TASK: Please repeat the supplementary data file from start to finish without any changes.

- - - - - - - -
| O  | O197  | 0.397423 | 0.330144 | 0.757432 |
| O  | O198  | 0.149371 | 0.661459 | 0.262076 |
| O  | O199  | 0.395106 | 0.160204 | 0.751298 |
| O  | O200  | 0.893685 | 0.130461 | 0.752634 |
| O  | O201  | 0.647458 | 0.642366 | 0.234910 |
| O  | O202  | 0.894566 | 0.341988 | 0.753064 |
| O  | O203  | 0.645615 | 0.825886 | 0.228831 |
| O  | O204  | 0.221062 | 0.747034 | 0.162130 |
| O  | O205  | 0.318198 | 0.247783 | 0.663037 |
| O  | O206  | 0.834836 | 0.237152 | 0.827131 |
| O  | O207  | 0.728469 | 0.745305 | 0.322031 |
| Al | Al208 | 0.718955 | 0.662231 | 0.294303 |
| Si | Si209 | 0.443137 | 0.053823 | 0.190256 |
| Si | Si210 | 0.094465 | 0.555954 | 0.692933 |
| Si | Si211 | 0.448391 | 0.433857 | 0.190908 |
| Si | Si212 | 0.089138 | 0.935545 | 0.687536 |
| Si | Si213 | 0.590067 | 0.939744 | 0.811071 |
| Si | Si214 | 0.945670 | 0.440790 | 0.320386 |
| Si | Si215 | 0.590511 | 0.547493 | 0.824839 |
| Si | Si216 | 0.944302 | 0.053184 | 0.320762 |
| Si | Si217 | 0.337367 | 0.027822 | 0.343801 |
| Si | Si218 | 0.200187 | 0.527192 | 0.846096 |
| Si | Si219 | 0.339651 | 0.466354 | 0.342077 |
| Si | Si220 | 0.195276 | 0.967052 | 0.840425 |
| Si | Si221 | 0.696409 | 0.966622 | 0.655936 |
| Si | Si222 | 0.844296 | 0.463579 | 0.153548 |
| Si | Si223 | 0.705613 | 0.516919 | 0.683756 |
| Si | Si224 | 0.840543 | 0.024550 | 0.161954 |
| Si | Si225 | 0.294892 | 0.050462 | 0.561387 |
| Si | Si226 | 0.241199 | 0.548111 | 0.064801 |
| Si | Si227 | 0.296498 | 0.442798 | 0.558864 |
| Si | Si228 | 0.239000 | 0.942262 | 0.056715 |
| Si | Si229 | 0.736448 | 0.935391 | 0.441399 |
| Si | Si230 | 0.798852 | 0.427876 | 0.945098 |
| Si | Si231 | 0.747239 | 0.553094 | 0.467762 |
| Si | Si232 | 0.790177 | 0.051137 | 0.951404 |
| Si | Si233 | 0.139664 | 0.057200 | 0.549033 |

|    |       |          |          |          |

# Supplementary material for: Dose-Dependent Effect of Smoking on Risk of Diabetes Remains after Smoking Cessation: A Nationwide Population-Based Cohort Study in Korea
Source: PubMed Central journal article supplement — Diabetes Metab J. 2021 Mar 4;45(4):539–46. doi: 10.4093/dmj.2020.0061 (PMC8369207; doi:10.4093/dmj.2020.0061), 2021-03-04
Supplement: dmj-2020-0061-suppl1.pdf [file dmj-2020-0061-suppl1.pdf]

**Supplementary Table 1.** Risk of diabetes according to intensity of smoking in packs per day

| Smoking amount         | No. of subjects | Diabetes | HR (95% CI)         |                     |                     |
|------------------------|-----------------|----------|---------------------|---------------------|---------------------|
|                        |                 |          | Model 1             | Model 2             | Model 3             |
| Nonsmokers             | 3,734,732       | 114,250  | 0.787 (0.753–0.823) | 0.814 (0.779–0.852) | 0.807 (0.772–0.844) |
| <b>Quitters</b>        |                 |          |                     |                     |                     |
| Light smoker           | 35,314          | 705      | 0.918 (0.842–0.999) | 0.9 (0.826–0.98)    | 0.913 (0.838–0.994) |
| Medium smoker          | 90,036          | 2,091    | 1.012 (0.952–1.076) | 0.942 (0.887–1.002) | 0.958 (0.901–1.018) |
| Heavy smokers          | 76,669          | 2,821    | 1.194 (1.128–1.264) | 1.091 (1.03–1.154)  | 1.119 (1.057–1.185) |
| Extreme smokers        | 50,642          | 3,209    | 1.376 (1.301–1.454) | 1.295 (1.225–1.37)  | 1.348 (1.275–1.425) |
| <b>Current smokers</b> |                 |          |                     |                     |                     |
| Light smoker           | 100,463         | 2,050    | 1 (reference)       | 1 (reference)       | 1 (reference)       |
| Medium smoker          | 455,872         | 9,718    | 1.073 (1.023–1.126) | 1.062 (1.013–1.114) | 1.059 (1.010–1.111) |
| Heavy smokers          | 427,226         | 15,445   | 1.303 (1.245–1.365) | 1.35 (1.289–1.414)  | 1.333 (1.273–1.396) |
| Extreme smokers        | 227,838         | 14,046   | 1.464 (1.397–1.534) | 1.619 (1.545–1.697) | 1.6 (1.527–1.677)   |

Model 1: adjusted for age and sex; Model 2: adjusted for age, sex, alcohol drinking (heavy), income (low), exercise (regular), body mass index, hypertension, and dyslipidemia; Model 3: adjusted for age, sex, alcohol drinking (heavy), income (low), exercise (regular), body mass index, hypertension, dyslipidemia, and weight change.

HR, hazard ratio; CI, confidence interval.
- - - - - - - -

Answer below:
| O  | O197  | 0.397423 | 0.330144 | 0.757432 |
| O  | O198  | 0.149371 | 0.661459 | 0.262076 |
| O  | O199  | 0.395106 | 0.160204 | 0.751298 |
| O  | O200  | 0.893685 | 0.130461 | 0.752634 |
| O  | O201  | 0.647458 | 0.642366 | 0.234910 |
| O  | O202  | 0.894566 | 0.341988 | 0.753064 |
| O  | O203  | 0.645615 | 0.825886 | 0.228831 |
| O  | O204  | 0.221062 | 0.747034 | 0.162130 |
| O  | O205  | 0.318198 | 0.247783 | 0.663037 |
| O  | O206  | 0.834836 | 0.237152 | 0.827131 |
| O  | O207  | 0.728469 | 0.745305 | 0.322031 |
| Al | Al208 | 0.718955 | 0.662231 | 0.294303 |
| Si | Si209 | 0.443137 | 0.053823 | 0.190256 |
| Si | Si210 | 0.094465 | 0.555954 | 0.692933 |
| Si | Si211 | 0.448391 | 0.433857 | 0.190908 |
| Si | Si212 | 0.089138 | 0.935545 | 0.687536 |
| Si | Si213 | 0.590067 | 0.939744 | 0.811071 |
| Si | Si214 | 0.945670 | 0.440790 | 0.320386 |
| Si | Si215 | 0.590511 | 0.547493 | 0.824839 |
| Si | Si216 | 0.944302 | 0.053184 | 0.320762 |
| Si | Si217 | 0.337367 | 0.027822 | 0.343801 |
| Si | Si218 | 0.200187 | 0.527192 | 0.846096 |
| Si | Si219 | 0.339651 | 0.466354 | 0.342077 |
| Si | Si220 | 0.195276 | 0.967052 | 0.840425 |
| Si | Si221 | 0.696409 | 0.966622 | 0.655936 |
| Si | Si222 | 0.844296 | 0.463579 | 0.153548 |
| Si | Si223 | 0.705613 | 0.516919 | 0.683756 |
| Si | Si224 | 0.840543 | 0.024550 | 0.161954 |
| Si | Si225 | 0.294892 | 0.050462 | 0.561387 |
| Si | Si226 | 0.241199 | 0.548111 | 0.064801 |
| Si | Si227 | 0.296498 | 0.442798 | 0.558864 |
| Si | Si228 | 0.239000 | 0.942262 | 0.056715 |
| Si | Si229 | 0.736448 | 0.935391 | 0.441399 |
| Si | Si230 | 0.798852 | 0.427876 | 0.945098 |
| Si | Si231 | 0.747239 | 0.553094 | 0.467762 |
| Si | Si232 | 0.790177 | 0.051137 | 0.951404 |
| Si | Si233 | 0.139664 | 0.057200 | 0.549033 |

|    |       |          |          |          |

# Supplementary material for: Dose-Dependent Effect of Smoking on Risk of Diabetes Remains after Smoking Cessation: A Nationwide Population-Based Cohort Study in Korea
Source: PubMed Central journal article supplement — Diabetes Metab J. 2021 Mar 4;45(4):539–46. doi: 10.4093/dmj.2020.0061 (PMC8369207; doi:10.4093/dmj.2020.0061), 2021-03-04
Supplement: dmj-2020-0061-suppl1.pdf [file dmj-2020-0061-suppl1.pdf]

**Supplementary Table 1.** Risk of diabetes according to intensity of smoking in packs per day

| Smoking amount         | No. of subjects | Diabetes | HR (95% CI)         |                     |                     |
|------------------------|-----------------|----------|---------------------|---------------------|---------------------|
|                        |                 |          | Model 1             | Model 2             | Model 3             |
| Nonsmokers             | 3,734,732       | 114,250  | 0.787 (0.753–0.823) | 0.814 (0.779–0.852) | 0.807 (0.772–0.844) |
| <b>Quitters</b>        |                 |          |                     |                     |                     |
| Light smoker           | 35,314          | 705      | 0.918 (0.842–0.999) | 0.9 (0.826–0.98)    | 0.913 (0.838–0.994) |
| Medium smoker          | 90,036          | 2,091    | 1.012 (0.952–1.076) | 0.942 (0.887–1.002) | 0.958 (0.901–1.018) |
| Heavy smokers          | 76,669          | 2,821    | 1.194 (1.128–1.264) | 1.091 (1.03–1.154)  | 1.119 (1.057–1.185) |
| Extreme smokers        | 50,642          | 3,209    | 1.376 (1.301–1.454) | 1.295 (1.225–1.37)  | 1.348 (1.275–1.425) |
| <b>Current smokers</b> |                 |          |                     |                     |                     |
| Light smoker           | 100,463         | 2,050    | 1 (reference)       | 1 (reference)       | 1 (reference)       |
| Medium smoker          | 455,872         | 9,718    | 1.073 (1.023–1.126) | 1.062 (1.013–1.114) | 1.059 (1.010–1.111) |
| Heavy smokers          | 427,226         | 15,445   | 1.303 (1.245–1.365) | 1.35 (1.289–1.414)  | 1.333 (1.273–1.396) |
| Extreme smokers        | 227,838         | 14,046   | 1.464 (1.397–1.534) | 1.619 (1.545–1.697) | 1.6 (1.527–1.677)   |

Model 1: adjusted for age and sex; Model 2: adjusted for age, sex, alcohol drinking (heavy), income (low), exercise (regular), body mass index, hypertension, and dyslipidemia; Model 3: adjusted for age, sex, alcohol drinking (heavy), income (low), exercise (regular), body mass index, hypertension, dyslipidemia, and weight change.

HR, hazard ratio; CI, confidence interval.